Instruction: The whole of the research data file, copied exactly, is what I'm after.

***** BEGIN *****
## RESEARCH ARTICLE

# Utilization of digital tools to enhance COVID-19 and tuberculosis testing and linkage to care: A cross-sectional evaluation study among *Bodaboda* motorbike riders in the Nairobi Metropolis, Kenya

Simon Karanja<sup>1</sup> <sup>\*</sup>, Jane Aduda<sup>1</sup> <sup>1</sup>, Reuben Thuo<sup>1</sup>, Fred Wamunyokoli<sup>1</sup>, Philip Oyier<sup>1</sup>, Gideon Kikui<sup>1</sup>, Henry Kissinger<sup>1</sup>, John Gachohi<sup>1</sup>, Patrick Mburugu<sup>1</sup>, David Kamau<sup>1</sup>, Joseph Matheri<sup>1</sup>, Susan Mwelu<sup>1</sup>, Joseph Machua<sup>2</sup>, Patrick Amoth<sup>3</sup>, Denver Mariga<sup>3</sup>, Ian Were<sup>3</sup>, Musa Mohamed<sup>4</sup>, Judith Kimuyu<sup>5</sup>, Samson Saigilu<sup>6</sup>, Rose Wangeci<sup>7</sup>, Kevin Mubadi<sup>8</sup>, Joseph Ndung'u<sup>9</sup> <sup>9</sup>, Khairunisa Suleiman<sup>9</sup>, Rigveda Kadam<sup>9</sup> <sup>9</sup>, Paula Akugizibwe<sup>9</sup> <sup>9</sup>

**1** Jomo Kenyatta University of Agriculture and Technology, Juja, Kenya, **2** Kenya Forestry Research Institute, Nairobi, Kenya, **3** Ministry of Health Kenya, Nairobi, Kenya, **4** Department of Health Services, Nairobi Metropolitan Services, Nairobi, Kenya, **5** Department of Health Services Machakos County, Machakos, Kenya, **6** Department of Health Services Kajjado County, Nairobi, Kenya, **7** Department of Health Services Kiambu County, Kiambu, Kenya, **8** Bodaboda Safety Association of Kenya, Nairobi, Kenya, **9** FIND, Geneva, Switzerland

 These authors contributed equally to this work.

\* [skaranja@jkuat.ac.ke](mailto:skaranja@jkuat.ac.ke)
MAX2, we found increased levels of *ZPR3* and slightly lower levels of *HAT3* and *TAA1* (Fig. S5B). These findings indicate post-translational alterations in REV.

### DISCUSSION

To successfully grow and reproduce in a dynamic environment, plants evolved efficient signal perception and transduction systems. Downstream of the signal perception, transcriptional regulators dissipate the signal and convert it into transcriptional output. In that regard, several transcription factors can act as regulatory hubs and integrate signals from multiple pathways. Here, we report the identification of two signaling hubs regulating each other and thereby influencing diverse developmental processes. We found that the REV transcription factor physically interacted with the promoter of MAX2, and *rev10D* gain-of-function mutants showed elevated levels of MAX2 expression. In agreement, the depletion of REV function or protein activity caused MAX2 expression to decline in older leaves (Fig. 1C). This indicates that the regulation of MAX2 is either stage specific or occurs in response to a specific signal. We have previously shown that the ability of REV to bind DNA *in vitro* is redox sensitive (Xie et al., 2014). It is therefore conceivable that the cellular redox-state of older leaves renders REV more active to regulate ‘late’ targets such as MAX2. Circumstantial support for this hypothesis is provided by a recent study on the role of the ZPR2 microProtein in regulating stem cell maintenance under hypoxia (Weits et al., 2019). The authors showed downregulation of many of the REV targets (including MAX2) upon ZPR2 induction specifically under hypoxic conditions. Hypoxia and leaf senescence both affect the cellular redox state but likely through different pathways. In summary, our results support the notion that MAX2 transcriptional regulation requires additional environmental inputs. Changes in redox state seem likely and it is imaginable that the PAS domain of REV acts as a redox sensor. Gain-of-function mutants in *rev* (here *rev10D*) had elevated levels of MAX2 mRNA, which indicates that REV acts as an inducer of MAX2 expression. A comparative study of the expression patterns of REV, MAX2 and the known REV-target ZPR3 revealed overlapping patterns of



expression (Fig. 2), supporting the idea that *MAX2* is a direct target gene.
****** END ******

## RESEARCH ARTICLE

# Utilization of digital tools to enhance COVID-19 and tuberculosis testing and linkage to care: A cross-sectional evaluation study among *Bodaboda* motorbike riders in the Nairobi Metropolis, Kenya

Simon Karanja<sup>1</sup> <sup>\*</sup>, Jane Aduda<sup>1</sup> <sup>1</sup>, Reuben Thuo<sup>1</sup>, Fred Wamunyokoli<sup>1</sup>, Philip Oyier<sup>1</sup>, Gideon Kikui<sup>1</sup>, Henry Kissinger<sup>1</sup>, John Gachohi<sup>1</sup>, Patrick Mburugu<sup>1</sup>, David Kamau<sup>1</sup>, Joseph Matheri<sup>1</sup>, Susan Mwelu<sup>1</sup>, Joseph Machua<sup>2</sup>, Patrick Amoth<sup>3</sup>, Denver Mariga<sup>3</sup>, Ian Were<sup>3</sup>, Musa Mohamed<sup>4</sup>, Judith Kimuyu<sup>5</sup>, Samson Saigilu<sup>6</sup>, Rose Wangeci<sup>7</sup>, Kevin Mubadi<sup>8</sup>, Joseph Ndung'u<sup>9</sup> <sup>9</sup>, Khairunisa Suleiman<sup>9</sup>, Rigveda Kadam<sup>9</sup> <sup>9</sup>, Paula Akugizibwe<sup>9</sup> <sup>9</sup>

**1** Jomo Kenyatta University of Agriculture and Technology, Juja, Kenya, **2** Kenya Forestry Research Institute, Nairobi, Kenya, **3** Ministry of Health Kenya, Nairobi, Kenya, **4** Department of Health Services, Nairobi Metropolitan Services, Nairobi, Kenya, **5** Department of Health Services Machakos County, Machakos, Kenya, **6** Department of Health Services Kajjado County, Nairobi, Kenya, **7** Department of Health Services Kiambu County, Kiambu, Kenya, **8** Bodaboda Safety Association of Kenya, Nairobi, Kenya, **9** FIND, Geneva, Switzerland

 These authors contributed equally to this work.

\* [skaranja@jkuat.ac.ke](mailto:skaranja@jkuat.ac.ke)
MAX2, we found increased levels of *ZPR3* and slightly lower levels of *HAT3* and *TAA1* (Fig. S5B). These findings indicate post-translational alterations in REV.

### DISCUSSION

To successfully grow and reproduce in a dynamic environment, plants evolved efficient signal perception and transduction systems. Downstream of the signal perception, transcriptional regulators dissipate the signal and convert it into transcriptional output. In that regard, several transcription factors can act as regulatory hubs and integrate signals from multiple pathways. Here, we report the identification of two signaling hubs regulating each other and thereby influencing diverse developmental processes. We found that the REV transcription factor physically interacted with the promoter of MAX2, and *rev10D* gain-of-function mutants showed elevated levels of MAX2 expression. In agreement, the depletion of REV function or protein activity caused MAX2 expression to decline in older leaves (Fig. 1C). This indicates that the regulation of MAX2 is either stage specific or occurs in response to a specific signal. We have previously shown that the ability of REV to bind DNA *in vitro* is redox sensitive (Xie et al., 2014). It is therefore conceivable that the cellular redox-state of older leaves renders REV more active to regulate ‘late’ targets such as MAX2. Circumstantial support for this hypothesis is provided by a recent study on the role of the ZPR2 microProtein in regulating stem cell maintenance under hypoxia (Weits et al., 2019). The authors showed downregulation of many of the REV targets (including MAX2) upon ZPR2 induction specifically under hypoxic conditions. Hypoxia and leaf senescence both affect the cellular redox state but likely through different pathways. In summary, our results support the notion that MAX2 transcriptional regulation requires additional environmental inputs. Changes in redox state seem likely and it is imaginable that the PAS domain of REV acts as a redox sensor. Gain-of-function mutants in *rev* (here *rev10D*) had elevated levels of MAX2 mRNA, which indicates that REV acts as an inducer of MAX2 expression. A comparative study of the expression patterns of REV, MAX2 and the known REV-target ZPR3 revealed overlapping patterns of



expression (Fig. 2), supporting the idea that *MAX2* is a direct target gene.